Owens’ confidence in his interpretation, which was a joint effort in conjunction with linguist and Professor of Phonetics at Oxford, Dr. John Coleman, lead him to claim that the Phaistos Disc can now be used as a Rosetta Stone for the ancient Minoan language.

The Phaistos Disc

Though, as with any ancient artifact of this nature, his theory isn’t accepted by all.  Researcher and expert on symbolism and ancient language traditions, and author of the book The Decipherment of the Phaistos Disc, Dilip Rajeev disagrees with Owens, calling his interpretation “implausible”.

The basis for this objection is in the assertion that the disc is not an alphabetic text, as Owen’s suggests, but is instead decipherable as a body of symbolic text, similar to traditional Chinese kanji.  The difference, according to Rajeev, is that symbolic characters depend on association with other characters to derive meaning.  For instance, when one symbol appears on its own, it can have a particular meaning, but when paired with other symbols that meaning changes, sometimes drastically.  In alphabetical texts, such associations are much less important.

When viewed this way, Owens’ interpretation of the disc is certainly called into question.  Though we’ve all heard these claims and counter claims before.  You’ll recall that the enigmatic Voynich Manuscript has been thought solved several times too, though in each case, as with Phaistos Disc, the claims are inevitably marred by competing theories and minor details in disagreement with each other.  It may be that these artefacts are truly indecipherable, after all, they’ve held their secrets this long.  No doubt though, researchers will continue to chip away at the meaning behind the symbols, and may, eventually, provide us with definitive explanations for these mysteries.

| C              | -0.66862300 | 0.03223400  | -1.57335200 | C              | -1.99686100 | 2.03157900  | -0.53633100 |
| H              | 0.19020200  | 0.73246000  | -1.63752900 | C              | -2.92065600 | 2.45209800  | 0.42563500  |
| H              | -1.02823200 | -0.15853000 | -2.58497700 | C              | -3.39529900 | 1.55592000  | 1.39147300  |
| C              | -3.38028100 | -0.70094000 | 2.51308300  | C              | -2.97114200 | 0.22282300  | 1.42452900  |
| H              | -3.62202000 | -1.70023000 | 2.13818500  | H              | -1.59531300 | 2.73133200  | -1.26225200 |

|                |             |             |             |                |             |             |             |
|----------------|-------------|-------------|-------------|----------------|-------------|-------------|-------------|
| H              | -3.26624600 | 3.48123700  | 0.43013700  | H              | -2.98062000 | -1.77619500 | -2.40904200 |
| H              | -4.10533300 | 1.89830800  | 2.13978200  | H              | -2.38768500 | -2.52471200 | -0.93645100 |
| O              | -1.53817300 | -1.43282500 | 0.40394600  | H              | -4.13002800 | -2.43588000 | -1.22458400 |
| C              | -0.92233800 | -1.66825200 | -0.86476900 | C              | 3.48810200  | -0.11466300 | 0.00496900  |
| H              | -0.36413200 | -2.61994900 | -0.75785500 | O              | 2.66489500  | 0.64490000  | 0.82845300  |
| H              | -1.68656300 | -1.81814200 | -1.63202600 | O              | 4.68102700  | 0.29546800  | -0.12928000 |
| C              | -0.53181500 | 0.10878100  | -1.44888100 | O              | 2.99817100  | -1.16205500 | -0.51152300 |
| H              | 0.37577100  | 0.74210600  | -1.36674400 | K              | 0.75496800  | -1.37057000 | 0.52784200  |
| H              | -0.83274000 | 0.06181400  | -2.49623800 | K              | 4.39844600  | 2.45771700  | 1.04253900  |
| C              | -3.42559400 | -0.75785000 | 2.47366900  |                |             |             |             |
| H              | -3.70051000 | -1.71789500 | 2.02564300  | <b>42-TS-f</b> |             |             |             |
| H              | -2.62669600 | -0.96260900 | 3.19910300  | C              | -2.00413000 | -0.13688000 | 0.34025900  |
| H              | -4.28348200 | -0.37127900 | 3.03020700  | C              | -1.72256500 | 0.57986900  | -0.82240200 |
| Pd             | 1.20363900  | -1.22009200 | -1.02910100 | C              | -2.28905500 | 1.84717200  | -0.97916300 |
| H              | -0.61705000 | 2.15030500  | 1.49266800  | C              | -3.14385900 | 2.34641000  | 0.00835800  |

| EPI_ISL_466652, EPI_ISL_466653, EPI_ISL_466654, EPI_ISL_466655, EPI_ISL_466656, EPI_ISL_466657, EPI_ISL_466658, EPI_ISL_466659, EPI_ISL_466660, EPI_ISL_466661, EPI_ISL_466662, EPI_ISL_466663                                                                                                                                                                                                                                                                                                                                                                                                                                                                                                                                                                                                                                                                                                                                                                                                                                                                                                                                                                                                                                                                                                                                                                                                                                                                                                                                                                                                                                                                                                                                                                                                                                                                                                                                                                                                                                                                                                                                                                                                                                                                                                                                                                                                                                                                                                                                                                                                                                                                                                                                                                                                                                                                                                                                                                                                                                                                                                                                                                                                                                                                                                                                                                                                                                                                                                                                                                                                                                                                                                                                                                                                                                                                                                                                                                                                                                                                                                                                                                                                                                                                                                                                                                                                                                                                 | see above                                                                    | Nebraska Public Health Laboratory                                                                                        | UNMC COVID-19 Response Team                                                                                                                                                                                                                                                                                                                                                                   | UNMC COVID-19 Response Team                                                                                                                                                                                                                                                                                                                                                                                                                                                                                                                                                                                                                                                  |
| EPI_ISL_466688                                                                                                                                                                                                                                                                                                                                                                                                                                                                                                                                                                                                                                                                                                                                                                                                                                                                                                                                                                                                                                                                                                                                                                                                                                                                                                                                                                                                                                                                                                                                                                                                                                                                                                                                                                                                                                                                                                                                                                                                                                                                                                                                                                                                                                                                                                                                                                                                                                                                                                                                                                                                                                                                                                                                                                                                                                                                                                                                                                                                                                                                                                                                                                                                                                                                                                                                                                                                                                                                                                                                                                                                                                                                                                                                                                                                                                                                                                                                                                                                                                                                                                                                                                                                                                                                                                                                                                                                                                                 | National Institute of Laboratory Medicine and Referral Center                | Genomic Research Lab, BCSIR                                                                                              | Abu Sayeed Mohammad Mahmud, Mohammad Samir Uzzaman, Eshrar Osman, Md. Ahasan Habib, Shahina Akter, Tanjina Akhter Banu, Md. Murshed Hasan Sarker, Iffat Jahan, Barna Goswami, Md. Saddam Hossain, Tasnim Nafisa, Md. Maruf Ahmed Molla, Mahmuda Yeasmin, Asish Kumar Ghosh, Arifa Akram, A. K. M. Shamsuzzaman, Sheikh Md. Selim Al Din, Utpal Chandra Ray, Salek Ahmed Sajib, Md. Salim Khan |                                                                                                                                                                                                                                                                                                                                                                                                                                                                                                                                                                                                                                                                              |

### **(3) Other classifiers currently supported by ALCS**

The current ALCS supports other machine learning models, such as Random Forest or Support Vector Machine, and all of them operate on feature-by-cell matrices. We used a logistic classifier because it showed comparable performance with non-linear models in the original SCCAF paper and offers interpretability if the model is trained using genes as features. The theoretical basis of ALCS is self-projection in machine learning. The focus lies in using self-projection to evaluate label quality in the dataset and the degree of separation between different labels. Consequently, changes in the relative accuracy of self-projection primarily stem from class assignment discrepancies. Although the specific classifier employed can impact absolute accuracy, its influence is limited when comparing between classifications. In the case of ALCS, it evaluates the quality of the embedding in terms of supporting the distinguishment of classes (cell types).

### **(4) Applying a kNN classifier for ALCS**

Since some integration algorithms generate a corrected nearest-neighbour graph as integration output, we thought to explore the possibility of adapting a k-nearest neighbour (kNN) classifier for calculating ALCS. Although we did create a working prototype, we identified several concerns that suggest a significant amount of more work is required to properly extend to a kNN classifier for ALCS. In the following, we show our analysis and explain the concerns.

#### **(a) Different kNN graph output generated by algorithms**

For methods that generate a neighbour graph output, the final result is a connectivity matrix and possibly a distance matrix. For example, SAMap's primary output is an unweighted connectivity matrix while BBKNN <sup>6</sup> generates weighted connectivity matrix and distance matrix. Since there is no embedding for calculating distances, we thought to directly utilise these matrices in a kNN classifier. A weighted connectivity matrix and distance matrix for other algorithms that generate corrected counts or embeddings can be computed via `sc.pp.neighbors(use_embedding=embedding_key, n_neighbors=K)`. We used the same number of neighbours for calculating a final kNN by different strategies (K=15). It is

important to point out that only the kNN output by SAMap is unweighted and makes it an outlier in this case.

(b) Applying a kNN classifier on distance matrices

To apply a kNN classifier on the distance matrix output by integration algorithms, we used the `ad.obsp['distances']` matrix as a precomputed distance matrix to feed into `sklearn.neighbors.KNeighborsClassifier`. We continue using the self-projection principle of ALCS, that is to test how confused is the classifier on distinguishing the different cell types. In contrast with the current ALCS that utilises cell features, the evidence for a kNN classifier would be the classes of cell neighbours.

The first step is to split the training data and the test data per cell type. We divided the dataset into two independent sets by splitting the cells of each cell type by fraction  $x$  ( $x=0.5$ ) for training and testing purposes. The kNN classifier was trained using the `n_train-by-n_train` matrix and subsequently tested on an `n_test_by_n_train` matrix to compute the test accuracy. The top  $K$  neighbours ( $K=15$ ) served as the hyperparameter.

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  1. disc
    This is interesting to me for an odd reason. About a year ago I found a round metallic charm on the beach that had a single red ribbon attached to it. It had strange markings all around it and the year 2007 so I thought it was a medal given out for the many boat races that happen on that particular beach. It looks kind of like the side of the disc on the right: